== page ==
Soil movement due to wind speed was evaluated using a modified wind tunnel to ascertain soil loss from wind erosion. Six trays were filled with an Olivier silt loam soil, three of which were covered with St. Augustinegrass and grown for 28 days before applying wind treatments (0, 25, 50 mph). An anemometer was used to establish wind speeds prior to experimentation. After grass establishment, an 18” by 24” plenum directed wind onto the surface for one minute. A cloth bag made of fine mesh cotton collected displaced soil, which was measured to the nearest gram. Data was analyzed using an analysis of variance at the 0.05 level.

3. Results and Discussion

All plants assimilated Pb to some extent regardless of light exposure. Shade loving plants such as brake fern, liriope and Asian jasmine grew successfully in all Pb treatments. Brake fern successfully assimilated Pb in significantly increasing amounts respective to Pb soil concentrations (Figure 1). Leaves of brake fern accumulated nearly 450 ppm in dried leaf tissue. This species has historically been documented as a hyperaccumulator in previous research (Rozas et al., 2006). The importance of this is that it gives homeowners a shade loving plant that can be planted in deep shade near a tree where grass does not receive enough light to thrive. As previously stated, soil stabilization is just as important as phytoremediation reducing contaminated dust movement. Asian Jasmine leaf Pb content grown in control soil was significantly less than both the 250 and 500 ppm Pb soil treatments. Plant leaves assimilated low levels (<30 ppm) of Pb but did establish and grow successfully (Figure 2). Liriope “Big Blue” significantly assimilated Pb as soil rates increased. Leaf tissue accumulation remained below 15 ppm. All plants successfully grew regardless of Pb treatment (Figure 3). St. Augustinegrass successfully assimilated Pb from the contaminated soil. Leaf tissue Pb content approached 150 ppm when grown in 500 ppm contaminated soil. All rates were significantly different from each other with the highest content in 500 ppm soil (Figure 4). St. Augustinegrass is considered the most shade tolerant lawngrass in Louisiana. Turfgrass is an excellent groundcover in urban landscapes and resists erosion.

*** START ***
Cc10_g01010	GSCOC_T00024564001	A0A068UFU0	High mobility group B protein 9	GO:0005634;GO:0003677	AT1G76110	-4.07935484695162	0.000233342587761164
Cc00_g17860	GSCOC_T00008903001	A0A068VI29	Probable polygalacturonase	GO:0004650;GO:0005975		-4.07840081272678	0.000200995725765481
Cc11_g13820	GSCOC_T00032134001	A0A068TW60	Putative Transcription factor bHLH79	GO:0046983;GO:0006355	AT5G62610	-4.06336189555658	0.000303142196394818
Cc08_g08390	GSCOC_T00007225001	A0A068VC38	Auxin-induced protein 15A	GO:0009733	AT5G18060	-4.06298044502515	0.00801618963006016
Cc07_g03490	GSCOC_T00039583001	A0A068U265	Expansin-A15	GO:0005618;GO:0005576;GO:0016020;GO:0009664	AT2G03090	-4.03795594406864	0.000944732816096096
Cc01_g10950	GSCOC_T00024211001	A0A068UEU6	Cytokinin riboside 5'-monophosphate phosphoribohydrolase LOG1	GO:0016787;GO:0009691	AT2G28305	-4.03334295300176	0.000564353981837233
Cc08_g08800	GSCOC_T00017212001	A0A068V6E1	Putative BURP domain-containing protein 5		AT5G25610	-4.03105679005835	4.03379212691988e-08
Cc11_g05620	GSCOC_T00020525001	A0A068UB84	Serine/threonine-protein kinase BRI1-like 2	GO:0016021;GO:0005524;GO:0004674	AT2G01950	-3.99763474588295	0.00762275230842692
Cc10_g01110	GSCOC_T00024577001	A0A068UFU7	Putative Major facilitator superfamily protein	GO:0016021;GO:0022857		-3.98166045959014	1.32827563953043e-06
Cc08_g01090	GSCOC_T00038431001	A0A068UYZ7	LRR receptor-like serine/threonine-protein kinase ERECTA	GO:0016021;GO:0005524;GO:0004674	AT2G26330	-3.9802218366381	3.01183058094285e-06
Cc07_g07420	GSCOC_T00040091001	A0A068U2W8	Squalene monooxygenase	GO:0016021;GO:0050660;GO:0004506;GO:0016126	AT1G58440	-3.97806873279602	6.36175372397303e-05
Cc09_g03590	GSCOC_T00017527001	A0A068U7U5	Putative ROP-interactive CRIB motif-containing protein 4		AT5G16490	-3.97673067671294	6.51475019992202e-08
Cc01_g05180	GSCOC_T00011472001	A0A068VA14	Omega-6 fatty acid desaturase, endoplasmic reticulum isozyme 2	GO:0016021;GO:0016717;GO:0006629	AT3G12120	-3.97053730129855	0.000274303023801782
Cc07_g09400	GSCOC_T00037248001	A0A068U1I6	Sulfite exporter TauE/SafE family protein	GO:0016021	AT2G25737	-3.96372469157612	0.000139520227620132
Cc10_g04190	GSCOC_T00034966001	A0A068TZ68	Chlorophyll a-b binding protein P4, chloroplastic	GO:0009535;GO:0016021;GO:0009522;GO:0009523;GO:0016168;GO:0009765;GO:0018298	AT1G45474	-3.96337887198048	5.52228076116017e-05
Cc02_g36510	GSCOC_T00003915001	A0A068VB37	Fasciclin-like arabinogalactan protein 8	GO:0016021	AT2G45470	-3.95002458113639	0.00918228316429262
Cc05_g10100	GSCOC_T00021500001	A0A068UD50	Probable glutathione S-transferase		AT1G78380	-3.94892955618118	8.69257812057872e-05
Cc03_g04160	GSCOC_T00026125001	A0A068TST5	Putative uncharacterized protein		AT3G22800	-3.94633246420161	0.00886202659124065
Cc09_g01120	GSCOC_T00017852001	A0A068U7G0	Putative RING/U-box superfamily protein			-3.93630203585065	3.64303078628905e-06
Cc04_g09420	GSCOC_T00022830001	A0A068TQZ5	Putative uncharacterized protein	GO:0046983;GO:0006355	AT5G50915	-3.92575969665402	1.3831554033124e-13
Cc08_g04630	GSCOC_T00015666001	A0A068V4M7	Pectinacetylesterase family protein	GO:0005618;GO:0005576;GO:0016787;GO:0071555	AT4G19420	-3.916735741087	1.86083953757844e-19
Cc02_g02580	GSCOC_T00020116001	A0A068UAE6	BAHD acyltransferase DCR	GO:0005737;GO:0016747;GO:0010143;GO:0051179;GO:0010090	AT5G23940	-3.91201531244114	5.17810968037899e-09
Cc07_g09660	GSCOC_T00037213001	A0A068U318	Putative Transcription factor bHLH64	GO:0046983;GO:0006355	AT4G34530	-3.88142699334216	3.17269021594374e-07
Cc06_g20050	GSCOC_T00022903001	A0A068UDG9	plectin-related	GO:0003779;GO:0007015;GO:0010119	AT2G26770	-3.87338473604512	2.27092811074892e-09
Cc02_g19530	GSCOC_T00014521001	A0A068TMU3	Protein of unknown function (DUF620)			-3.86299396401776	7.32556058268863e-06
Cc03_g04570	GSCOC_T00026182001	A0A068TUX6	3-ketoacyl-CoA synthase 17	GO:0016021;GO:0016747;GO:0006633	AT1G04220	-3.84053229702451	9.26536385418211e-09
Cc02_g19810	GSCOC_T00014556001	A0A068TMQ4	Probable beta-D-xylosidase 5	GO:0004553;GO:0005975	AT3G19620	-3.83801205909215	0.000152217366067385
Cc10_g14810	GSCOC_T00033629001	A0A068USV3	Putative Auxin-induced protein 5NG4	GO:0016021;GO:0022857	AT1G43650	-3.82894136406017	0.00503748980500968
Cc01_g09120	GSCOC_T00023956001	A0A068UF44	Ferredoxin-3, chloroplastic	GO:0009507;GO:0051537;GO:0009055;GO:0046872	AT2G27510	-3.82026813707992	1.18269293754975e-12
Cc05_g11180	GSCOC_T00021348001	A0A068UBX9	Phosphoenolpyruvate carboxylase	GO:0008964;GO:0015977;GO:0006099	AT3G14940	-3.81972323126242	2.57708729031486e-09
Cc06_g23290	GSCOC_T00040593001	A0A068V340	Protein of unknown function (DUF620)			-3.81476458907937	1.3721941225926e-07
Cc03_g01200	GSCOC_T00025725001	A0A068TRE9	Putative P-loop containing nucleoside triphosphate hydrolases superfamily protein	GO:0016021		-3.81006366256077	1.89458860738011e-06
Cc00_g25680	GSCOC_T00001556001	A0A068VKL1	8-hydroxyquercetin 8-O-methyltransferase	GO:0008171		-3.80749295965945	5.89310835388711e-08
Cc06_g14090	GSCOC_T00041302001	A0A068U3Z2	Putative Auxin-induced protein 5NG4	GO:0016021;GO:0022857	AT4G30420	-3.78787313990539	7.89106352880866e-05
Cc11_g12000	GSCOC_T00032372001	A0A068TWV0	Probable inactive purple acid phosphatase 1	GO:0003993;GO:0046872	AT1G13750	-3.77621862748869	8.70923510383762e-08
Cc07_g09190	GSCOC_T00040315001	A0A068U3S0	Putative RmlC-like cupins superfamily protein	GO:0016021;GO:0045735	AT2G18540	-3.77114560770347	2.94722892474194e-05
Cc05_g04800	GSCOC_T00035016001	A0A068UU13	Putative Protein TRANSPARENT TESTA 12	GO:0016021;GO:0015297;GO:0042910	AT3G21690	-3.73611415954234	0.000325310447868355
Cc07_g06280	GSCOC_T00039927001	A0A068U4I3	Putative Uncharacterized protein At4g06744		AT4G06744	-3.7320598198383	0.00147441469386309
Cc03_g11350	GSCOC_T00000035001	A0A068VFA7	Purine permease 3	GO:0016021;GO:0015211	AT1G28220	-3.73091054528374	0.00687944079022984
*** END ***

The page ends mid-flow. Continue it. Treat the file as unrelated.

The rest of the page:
Variegated liriope plants successfully assimilated Pb from the soil. Plants assimilated between 50 and 60 ppm Pb for the 250 and 500 ppm Pb soil treatments, and both were statistically similar (Figure 5). Both treatments were greater than the control plants. Asian jasmine plants grown in control soil had significantly lower Pb levels compared to the 250 and 500 ppm Pb soil treatments. Plant leaves assimilated low levels of Pb (20 to 30 ppm) and established and grew successfully (Figure 6). Asparagus fern accumulated low levels (5 - 10 ppm) of Pb in fronds for 250 and 500 ppm soil Pb soil treatments (Figure 7). The control fronds accumulated significantly less Pb than all other soil treatments. All plants established and grew successfully regardless of soil Pb levels. Bermudagrass established and grew in all soil Pb treatments (Figure 8). The control accumulated significantly lower levels of tissue Pb. Soil treatments (250 and 500 ppm) accumulated statistically similar concentrations (20 - 25 ppm) of leaf tissue Pb.